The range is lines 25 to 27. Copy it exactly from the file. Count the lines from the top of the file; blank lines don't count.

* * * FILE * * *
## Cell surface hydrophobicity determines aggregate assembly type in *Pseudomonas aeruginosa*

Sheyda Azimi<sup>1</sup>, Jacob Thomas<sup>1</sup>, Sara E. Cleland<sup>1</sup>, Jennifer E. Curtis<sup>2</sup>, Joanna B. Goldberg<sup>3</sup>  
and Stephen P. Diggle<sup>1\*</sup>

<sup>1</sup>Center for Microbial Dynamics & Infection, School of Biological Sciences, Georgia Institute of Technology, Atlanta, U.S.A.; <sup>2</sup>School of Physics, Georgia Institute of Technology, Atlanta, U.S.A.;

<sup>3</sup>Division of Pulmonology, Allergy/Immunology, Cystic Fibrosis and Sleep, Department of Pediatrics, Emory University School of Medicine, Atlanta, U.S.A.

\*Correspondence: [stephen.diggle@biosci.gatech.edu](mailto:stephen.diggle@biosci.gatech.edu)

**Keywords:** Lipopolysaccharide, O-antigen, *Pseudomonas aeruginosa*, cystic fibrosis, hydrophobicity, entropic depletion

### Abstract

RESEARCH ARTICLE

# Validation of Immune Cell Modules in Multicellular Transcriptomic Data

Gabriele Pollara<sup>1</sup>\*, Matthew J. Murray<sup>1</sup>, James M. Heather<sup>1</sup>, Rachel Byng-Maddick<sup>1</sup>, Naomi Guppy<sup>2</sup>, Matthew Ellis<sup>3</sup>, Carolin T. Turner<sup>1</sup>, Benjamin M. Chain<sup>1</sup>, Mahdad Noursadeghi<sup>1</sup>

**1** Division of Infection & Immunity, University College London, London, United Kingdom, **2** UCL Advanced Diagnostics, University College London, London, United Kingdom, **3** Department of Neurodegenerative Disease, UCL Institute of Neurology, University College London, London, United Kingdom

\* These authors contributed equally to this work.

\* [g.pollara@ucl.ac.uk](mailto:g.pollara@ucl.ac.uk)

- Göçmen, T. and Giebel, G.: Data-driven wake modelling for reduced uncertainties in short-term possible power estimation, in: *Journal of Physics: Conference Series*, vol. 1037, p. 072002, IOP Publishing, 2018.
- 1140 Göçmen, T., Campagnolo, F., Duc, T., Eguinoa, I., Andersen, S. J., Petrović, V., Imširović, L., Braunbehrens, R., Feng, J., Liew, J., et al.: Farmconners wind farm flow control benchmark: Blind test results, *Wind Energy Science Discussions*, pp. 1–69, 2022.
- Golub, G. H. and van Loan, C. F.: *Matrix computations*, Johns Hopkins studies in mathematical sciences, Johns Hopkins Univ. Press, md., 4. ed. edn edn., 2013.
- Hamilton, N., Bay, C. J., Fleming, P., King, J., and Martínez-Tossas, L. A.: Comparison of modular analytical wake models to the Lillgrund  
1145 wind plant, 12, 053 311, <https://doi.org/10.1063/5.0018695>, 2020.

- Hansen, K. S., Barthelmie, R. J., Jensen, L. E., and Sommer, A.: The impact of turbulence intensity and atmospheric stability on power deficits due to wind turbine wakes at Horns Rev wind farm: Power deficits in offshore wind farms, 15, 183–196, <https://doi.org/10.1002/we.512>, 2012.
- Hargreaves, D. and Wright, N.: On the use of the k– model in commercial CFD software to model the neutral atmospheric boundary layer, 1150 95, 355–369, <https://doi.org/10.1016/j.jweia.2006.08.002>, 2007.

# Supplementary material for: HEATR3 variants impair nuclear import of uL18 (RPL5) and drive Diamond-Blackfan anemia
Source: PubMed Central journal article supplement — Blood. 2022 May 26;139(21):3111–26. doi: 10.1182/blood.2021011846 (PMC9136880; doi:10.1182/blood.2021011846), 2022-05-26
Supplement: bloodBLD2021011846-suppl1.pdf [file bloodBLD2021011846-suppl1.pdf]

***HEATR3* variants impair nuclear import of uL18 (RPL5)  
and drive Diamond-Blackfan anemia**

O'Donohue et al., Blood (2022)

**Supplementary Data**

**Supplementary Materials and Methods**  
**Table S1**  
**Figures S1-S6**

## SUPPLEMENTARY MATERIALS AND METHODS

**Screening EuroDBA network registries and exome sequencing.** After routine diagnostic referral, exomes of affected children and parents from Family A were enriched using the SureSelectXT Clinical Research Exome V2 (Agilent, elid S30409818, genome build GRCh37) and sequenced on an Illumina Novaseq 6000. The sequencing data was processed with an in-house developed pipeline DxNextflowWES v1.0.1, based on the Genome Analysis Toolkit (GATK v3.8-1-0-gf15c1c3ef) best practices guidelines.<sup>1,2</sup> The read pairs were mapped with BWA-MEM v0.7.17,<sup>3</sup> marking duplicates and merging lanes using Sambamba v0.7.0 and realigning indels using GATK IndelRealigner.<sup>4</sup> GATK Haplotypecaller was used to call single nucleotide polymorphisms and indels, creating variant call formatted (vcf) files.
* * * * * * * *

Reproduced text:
***HEATR3* variants impair nuclear import of uL18 (RPL5)  
and drive Diamond-Blackfan anemia**

O'Donohue et al., Blood (2022)